Three people associated with the construction of the Appalachian Regional Exposition Center told the Wythe County Board of Supervisors on Tuesday that they blame ongoing health issues on fungi in the soil at the center.
“Someone needs to be held accountable,” construction worker Dean Coe told supervisors.
Coe said after the meeting that problems began in the fall of 2018 after heavy rains. He said he walked into the center one day to find a white substance inches deep covering the floor. He said workers experienced health and respiratory problems from then on.
James Brown said he has suffered seizures and breathing problems since working at the center.
“I can’t breathe; I can’t play with my kids,” he said, adding that doctors are treating the ailments like pneumonia or the flu, “but it doesn’t respond.”
The 40-year-old Brown worked for Coe, who subcontracted work for RGM Erectors of Max Meadows, the company the county hired to build the facility.
One speaker, Tonya Remines, spoke on behalf of her husband, Bobby, 55, who died in October.
Remines on Tuesday held the hand of her young granddaughter and told supervisors that her husband worked putting up lights in the APEX Center. She said her husband, who was disabled and had rheumatoid arthritis, started at the center in the spring and by October 2018 had starting suffering from respiratory, stomach and mobility issues.
“He just went downhill because of the mold,” she said.
A year later, her husband died, leaving her no money for living expenses. She cares for their two grandchildren.
“It’s because he worked at the Expo Center,” she said. “Bobby is gone and here I am, and they are suffering because of that mold. After he went to work out there, it was over with.”
After the meeting, Coe, Brown and another worker, Luther Pruitt of Radford, talked with the Wytheville Enterprise about working at the center and their health problems.
Coe, who lives in Marion, said he knows of 14 men who worked at the center who have gotten sick.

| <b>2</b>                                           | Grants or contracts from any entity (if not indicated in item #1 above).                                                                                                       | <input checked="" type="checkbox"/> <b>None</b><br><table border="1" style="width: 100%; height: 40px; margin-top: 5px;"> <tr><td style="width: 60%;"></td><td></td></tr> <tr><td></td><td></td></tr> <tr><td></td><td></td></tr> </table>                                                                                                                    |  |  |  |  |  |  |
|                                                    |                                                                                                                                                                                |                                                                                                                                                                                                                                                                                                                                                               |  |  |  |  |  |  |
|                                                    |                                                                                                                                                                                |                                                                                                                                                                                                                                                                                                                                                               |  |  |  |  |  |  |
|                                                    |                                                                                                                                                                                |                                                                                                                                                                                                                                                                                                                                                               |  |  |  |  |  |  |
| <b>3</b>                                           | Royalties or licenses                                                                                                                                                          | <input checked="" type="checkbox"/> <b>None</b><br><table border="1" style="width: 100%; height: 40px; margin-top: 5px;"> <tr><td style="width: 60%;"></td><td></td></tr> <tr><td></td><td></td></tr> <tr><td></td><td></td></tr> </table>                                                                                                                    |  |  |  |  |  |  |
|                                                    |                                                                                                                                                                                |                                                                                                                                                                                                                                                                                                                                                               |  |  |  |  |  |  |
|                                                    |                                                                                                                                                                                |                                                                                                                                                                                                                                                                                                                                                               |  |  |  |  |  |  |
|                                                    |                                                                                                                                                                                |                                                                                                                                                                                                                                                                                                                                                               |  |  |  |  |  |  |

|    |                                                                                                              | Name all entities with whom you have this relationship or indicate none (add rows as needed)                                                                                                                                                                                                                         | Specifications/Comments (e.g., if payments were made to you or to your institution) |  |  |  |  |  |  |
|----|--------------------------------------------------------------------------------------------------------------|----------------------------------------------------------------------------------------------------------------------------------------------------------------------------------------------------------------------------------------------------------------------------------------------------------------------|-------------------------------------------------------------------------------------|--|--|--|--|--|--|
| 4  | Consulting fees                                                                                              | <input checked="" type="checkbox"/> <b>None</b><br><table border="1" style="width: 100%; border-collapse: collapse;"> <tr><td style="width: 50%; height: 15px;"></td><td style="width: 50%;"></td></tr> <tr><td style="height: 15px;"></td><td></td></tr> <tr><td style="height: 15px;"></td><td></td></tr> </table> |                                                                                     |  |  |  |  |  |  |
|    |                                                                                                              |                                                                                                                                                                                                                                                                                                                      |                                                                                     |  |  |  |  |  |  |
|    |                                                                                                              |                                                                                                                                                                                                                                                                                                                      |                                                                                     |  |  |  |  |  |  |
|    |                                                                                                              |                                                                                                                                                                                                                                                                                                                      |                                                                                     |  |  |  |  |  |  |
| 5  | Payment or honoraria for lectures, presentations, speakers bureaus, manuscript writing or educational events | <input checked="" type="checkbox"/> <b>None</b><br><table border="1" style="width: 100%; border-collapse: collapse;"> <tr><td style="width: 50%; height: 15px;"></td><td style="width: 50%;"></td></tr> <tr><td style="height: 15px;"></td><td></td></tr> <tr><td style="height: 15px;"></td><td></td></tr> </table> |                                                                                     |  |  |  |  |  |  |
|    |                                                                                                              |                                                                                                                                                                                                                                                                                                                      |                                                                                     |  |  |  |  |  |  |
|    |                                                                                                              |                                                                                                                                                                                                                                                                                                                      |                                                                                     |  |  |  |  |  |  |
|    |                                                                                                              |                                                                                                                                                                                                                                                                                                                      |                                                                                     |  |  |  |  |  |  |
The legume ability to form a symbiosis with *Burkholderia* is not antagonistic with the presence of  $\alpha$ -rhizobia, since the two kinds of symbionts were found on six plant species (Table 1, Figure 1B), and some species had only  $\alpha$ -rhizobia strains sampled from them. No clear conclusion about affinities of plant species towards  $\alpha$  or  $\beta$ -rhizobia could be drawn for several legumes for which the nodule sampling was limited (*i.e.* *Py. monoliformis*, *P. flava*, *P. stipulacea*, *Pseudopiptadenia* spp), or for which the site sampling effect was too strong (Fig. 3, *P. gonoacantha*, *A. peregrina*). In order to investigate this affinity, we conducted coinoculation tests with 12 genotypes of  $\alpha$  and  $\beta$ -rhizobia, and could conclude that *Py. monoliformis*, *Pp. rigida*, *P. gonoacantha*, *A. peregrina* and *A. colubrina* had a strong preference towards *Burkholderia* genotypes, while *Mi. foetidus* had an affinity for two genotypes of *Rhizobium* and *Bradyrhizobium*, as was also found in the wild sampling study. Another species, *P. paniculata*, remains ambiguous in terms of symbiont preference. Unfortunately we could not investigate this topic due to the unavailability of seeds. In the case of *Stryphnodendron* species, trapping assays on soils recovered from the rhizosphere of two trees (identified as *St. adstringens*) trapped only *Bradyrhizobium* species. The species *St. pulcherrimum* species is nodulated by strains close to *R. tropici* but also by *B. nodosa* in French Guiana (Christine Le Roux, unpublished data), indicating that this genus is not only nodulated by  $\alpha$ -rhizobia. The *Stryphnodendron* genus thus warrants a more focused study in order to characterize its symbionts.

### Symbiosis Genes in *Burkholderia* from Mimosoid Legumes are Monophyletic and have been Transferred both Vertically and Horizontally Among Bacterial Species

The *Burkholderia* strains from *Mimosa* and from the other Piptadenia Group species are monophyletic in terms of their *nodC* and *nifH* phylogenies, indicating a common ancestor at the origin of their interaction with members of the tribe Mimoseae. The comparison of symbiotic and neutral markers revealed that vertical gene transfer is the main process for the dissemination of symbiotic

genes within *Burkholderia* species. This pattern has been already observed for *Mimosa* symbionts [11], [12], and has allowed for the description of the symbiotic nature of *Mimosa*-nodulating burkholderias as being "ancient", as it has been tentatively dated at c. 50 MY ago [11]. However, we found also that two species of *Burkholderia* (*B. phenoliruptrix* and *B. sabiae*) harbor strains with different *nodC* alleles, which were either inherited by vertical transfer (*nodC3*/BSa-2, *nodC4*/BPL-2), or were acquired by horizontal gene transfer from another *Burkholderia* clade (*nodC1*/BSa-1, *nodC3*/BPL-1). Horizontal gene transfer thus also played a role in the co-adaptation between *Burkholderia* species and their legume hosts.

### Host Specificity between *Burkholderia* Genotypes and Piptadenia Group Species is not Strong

“It got to the point where we couldn’t work because my men were all getting sick on me,” he said. “It’s like a fast-growing bacteria; you could watch it move. And all they did is scrape it off.”
The men said they continued to work at the center because officials on site told them soil tests showed the mold was wasn’t harmful.
“They kept telling us it was safe,” Brown said.
County Administrator Stephen Bear said that after complaints from workers, the Virginia Occupational Safety and Health office tested the soil and deemed that no additional analysis or testing was required.
The Virginia Department of Health is conducting an investigation into the matter.
Bear said laboratory analysis revealed the presence of two common fungi (mold) - Penicllium chrysogenum and Rhizopus stolonifera.
“Both of the fungi are very common in any natural environment and it is believed the shade of the event center roof over the soil (soil was excavated and brought in from the local area) allowed the fungi to grow at a rapid pace,” Bear said, adding that supervisors and members of the APEX Authority, the group that manages the facility, were made aware of the testing and results.
Bear said additional sand was brought into the arena to improve the soil conditions after the complaints. He said that officials also commenced with more frequent turning and tilling of the soil to help stop mold growth.
Ron Graham, health compliance director for the Virginia Department of Labor and Industry, confirmed that soil samples were tested and no citations were issued as a result of the mold investigation. He said molds and fungi occur naturally and there are no legal standards outlining a point where they become dangerous.
Coe worked at the center through most of 2018; the center opened in January 2019. During that time, he said he was hospitalized in intensive care five times, nearly dying once. He said he has visited doctors more than 200 times and lab tests have identified three types of fungi in his lungs. One is a rare fungus, he said.